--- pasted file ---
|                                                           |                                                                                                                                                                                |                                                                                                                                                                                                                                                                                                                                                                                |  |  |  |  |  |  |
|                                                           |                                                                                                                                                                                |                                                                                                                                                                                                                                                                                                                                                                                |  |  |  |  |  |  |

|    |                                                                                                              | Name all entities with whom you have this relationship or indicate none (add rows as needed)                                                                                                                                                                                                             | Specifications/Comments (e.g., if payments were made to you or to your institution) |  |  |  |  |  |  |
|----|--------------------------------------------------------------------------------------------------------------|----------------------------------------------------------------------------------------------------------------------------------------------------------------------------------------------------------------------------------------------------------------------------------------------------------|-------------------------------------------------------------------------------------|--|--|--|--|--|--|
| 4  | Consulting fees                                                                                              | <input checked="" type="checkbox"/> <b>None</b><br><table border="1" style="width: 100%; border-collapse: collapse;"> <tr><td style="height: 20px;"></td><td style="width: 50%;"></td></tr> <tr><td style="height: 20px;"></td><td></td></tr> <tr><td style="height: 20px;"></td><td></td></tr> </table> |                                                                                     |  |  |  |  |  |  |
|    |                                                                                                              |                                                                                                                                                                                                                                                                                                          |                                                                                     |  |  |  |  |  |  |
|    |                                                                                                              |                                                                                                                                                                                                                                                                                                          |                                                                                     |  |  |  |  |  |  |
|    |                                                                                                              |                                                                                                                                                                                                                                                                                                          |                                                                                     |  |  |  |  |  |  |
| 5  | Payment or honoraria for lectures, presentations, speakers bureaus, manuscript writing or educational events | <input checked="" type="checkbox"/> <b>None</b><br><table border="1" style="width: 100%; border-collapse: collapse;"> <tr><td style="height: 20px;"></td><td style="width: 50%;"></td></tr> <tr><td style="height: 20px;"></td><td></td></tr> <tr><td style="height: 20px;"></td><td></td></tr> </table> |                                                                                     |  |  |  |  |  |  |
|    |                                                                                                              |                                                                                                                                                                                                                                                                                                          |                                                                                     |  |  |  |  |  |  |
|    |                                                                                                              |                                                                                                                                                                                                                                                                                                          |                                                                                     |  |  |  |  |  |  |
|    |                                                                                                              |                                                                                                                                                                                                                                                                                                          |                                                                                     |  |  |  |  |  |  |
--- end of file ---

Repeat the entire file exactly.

|                                                           |                                                                                                                                                                                |                                                                                                                                                                                                                                                                                                                                                                                |  |  |  |  |  |  |
|                                                           |                                                                                                                                                                                |                                                                                                                                                                                                                                                                                                                                                                                |  |  |  |  |  |  |

|    |                                                                                                              | Name all entities with whom you have this relationship or indicate none (add rows as needed)                                                                                                                                                                                                             | Specifications/Comments (e.g., if payments were made to you or to your institution) |  |  |  |  |  |  |
|----|--------------------------------------------------------------------------------------------------------------|----------------------------------------------------------------------------------------------------------------------------------------------------------------------------------------------------------------------------------------------------------------------------------------------------------|-------------------------------------------------------------------------------------|--|--|--|--|--|--|
| 4  | Consulting fees                                                                                              | <input checked="" type="checkbox"/> <b>None</b><br><table border="1" style="width: 100%; border-collapse: collapse;"> <tr><td style="height: 20px;"></td><td style="width: 50%;"></td></tr> <tr><td style="height: 20px;"></td><td></td></tr> <tr><td style="height: 20px;"></td><td></td></tr> </table> |                                                                                     |  |  |  |  |  |  |
|    |                                                                                                              |                                                                                                                                                                                                                                                                                                          |                                                                                     |  |  |  |  |  |  |
|    |                                                                                                              |                                                                                                                                                                                                                                                                                                          |                                                                                     |  |  |  |  |  |  |
|    |                                                                                                              |                                                                                                                                                                                                                                                                                                          |                                                                                     |  |  |  |  |  |  |
| 5  | Payment or honoraria for lectures, presentations, speakers bureaus, manuscript writing or educational events | <input checked="" type="checkbox"/> <b>None</b><br><table border="1" style="width: 100%; border-collapse: collapse;"> <tr><td style="height: 20px;"></td><td style="width: 50%;"></td></tr> <tr><td style="height: 20px;"></td><td></td></tr> <tr><td style="height: 20px;"></td><td></td></tr> </table> |                                                                                     |  |  |  |  |  |  |
|    |                                                                                                              |                                                                                                                                                                                                                                                                                                          |                                                                                     |  |  |  |  |  |  |
|    |                                                                                                              |                                                                                                                                                                                                                                                                                                          |                                                                                     |  |  |  |  |  |  |
|    |                                                                                                              |                                                                                                                                                                                                                                                                                                          |                                                                                     |  |  |  |  |  |  |